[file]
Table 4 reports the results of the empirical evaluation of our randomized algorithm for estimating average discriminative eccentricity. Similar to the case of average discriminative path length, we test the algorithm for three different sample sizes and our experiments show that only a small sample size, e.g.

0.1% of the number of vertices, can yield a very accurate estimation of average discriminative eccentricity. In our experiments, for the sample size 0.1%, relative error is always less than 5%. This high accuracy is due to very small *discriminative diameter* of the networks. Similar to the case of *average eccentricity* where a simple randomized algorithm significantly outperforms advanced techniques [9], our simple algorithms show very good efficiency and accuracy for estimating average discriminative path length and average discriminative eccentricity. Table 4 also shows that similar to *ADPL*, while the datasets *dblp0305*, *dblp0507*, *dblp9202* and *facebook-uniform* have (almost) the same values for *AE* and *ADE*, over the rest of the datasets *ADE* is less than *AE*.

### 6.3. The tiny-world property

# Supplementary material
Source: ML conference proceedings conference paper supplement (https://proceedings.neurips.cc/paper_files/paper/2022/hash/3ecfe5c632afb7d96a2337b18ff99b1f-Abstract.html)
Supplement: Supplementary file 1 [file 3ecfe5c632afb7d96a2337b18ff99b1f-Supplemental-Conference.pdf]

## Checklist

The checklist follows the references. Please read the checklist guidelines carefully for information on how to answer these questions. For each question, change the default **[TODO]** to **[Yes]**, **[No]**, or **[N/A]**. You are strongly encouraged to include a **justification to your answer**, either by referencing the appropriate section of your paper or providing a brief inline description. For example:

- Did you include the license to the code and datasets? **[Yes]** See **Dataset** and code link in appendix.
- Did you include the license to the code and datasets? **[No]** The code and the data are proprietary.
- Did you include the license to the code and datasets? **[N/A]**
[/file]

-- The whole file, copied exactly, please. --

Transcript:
Table 4 reports the results of the empirical evaluation of our randomized algorithm for estimating average discriminative eccentricity. Similar to the case of average discriminative path length, we test the algorithm for three different sample sizes and our experiments show that only a small sample size, e.g.

0.1% of the number of vertices, can yield a very accurate estimation of average discriminative eccentricity. In our experiments, for the sample size 0.1%, relative error is always less than 5%. This high accuracy is due to very small *discriminative diameter* of the networks. Similar to the case of *average eccentricity* where a simple randomized algorithm significantly outperforms advanced techniques [9], our simple algorithms show very good efficiency and accuracy for estimating average discriminative path length and average discriminative eccentricity. Table 4 also shows that similar to *ADPL*, while the datasets *dblp0305*, *dblp0507*, *dblp9202* and *facebook-uniform* have (almost) the same values for *AE* and *ADE*, over the rest of the datasets *ADE* is less than *AE*.

### 6.3. The tiny-world property

# Supplementary material
Source: ML conference proceedings conference paper supplement (https://proceedings.neurips.cc/paper_files/paper/2022/hash/3ecfe5c632afb7d96a2337b18ff99b1f-Abstract.html)
Supplement: Supplementary file 1 [file 3ecfe5c632afb7d96a2337b18ff99b1f-Supplemental-Conference.pdf]

## Checklist

The checklist follows the references. Please read the checklist guidelines carefully for information on how to answer these questions. For each question, change the default **[TODO]** to **[Yes]**, **[No]**, or **[N/A]**. You are strongly encouraged to include a **justification to your answer**, either by referencing the appropriate section of your paper or providing a brief inline description. For example:

- Did you include the license to the code and datasets? **[Yes]** See **Dataset** and code link in appendix.
- Did you include the license to the code and datasets? **[No]** The code and the data are proprietary.
- Did you include the license to the code and datasets? **[N/A]**